Alcoholism is a loaded term that in reality covers a wide spectrum of alcohol abuse and addiction. And under that umbrella of alcoholism there are many different ways that you can compare and characterize cases. One way that experts categorize types of alcoholism is by using five distinct categories, or subtypes: the young adult subtype, the young antisocial subtype, the functional subtype, the intermediate familial subtype, and the chronic severe subtype. While these five subtypes may not perfectly paint the picture of alcohol addiction, they do illustrate that alcohol addiction is a multifaceted disease that affect individuals from all walks of life, in a variety of ways. Here are a look at five major types of alcoholics.
Young adult subtype
About 32 percent of alcoholics in the U.S. fall under the young adult subtype. These young adults, who average at around 24 years of age and who have usually developed an addiction by 20, rarely seek help for their alcohol dependence. Young adult alcoholics tend to drink less frequently than those who fall under other subtypes, but they also tend to binge drink when they do drink.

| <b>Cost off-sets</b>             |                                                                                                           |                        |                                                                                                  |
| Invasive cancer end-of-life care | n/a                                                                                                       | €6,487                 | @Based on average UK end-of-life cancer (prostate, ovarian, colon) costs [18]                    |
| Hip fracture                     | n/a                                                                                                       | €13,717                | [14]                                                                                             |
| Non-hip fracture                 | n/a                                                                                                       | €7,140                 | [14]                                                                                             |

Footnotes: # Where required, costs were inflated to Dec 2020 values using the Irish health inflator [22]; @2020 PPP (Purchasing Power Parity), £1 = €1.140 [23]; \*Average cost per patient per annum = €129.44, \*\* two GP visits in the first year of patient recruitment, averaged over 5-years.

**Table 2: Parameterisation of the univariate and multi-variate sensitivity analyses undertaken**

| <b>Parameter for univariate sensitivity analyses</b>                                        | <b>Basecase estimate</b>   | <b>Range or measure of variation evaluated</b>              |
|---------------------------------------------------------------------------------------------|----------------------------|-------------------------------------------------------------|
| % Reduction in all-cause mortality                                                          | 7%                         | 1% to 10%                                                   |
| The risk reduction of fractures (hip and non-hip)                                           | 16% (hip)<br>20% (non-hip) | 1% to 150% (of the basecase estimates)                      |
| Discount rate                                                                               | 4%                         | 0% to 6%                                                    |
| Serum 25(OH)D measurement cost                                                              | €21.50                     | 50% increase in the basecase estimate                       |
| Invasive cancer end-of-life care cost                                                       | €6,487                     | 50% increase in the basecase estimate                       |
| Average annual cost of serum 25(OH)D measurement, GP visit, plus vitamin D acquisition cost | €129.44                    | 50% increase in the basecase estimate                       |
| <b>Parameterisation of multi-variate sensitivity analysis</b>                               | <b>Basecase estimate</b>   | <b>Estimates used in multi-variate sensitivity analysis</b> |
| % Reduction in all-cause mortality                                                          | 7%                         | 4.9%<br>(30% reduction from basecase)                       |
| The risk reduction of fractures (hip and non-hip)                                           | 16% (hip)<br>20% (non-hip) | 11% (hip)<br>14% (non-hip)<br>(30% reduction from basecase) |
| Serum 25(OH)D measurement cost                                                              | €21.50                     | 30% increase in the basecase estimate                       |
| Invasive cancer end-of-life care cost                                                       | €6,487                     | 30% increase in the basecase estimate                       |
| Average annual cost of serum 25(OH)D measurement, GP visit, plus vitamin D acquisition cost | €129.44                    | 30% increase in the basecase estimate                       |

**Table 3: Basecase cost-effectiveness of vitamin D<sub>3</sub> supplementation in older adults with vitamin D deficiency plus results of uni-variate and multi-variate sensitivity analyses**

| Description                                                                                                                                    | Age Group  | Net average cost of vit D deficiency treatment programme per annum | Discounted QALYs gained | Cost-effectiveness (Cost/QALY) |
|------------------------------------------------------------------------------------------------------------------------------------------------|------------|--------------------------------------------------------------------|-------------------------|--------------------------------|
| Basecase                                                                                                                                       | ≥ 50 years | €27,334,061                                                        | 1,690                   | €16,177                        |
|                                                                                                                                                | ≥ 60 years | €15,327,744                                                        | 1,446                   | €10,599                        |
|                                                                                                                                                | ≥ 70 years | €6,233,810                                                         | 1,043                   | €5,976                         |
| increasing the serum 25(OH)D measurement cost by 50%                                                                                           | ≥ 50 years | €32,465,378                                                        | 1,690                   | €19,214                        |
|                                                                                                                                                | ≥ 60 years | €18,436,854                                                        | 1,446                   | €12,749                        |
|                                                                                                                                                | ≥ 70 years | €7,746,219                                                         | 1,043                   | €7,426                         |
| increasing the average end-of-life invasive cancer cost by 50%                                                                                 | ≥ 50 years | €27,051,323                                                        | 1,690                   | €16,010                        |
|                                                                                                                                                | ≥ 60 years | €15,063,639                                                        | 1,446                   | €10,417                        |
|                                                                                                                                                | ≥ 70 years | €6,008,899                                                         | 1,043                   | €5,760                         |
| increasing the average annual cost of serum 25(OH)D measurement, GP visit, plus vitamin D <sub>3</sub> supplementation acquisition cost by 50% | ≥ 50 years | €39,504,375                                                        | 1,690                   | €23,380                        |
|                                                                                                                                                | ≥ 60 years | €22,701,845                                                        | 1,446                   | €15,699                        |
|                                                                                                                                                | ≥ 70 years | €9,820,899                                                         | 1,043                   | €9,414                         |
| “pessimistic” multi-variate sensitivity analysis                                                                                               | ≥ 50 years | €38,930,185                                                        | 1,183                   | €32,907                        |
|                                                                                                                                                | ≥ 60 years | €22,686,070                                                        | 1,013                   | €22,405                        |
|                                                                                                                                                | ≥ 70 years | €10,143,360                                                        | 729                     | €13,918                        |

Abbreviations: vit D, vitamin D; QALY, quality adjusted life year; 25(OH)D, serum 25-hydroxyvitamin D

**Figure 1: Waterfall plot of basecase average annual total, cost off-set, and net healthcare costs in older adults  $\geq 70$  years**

Young antisocial subtype
The young antisocial subtype makes up about 21 percent of U.S. alcoholics. Young antisocials differ from young adults in that they more than half have antisocial personality disorder. They also tend to start drinking at a younger age—between 15 and 18 years of age. They are more likely to smoke marijuana and tobacco as well. These young individuals average at around 26 years of age.
Functional alcoholics account for about 19 percent of U.S. alcoholics, and they tend to be middle aged, working adults in stable relationships. These individuals tend to have higher education and more income as well. Functional alcoholics tend to drink every other day or so, consuming five drinks or more when they do drink.
Intermediate familial subtype
Individuals who fall into this category tend to have close relatives who are also alcoholics. They tend to start drinking by age 17 or so, developing an addiction in their 30s. This subtype makes up about 19 percent of U.S. alcoholics.
Chronic severe subtype
Chronic severe alcoholics make up the smallest percentage of alcoholics—just about 9 percent of all U.S. alcoholics. The chronic severe subtype mostly includes men, sees the highest divorce rate, and has the highest frequency of illicit drug use.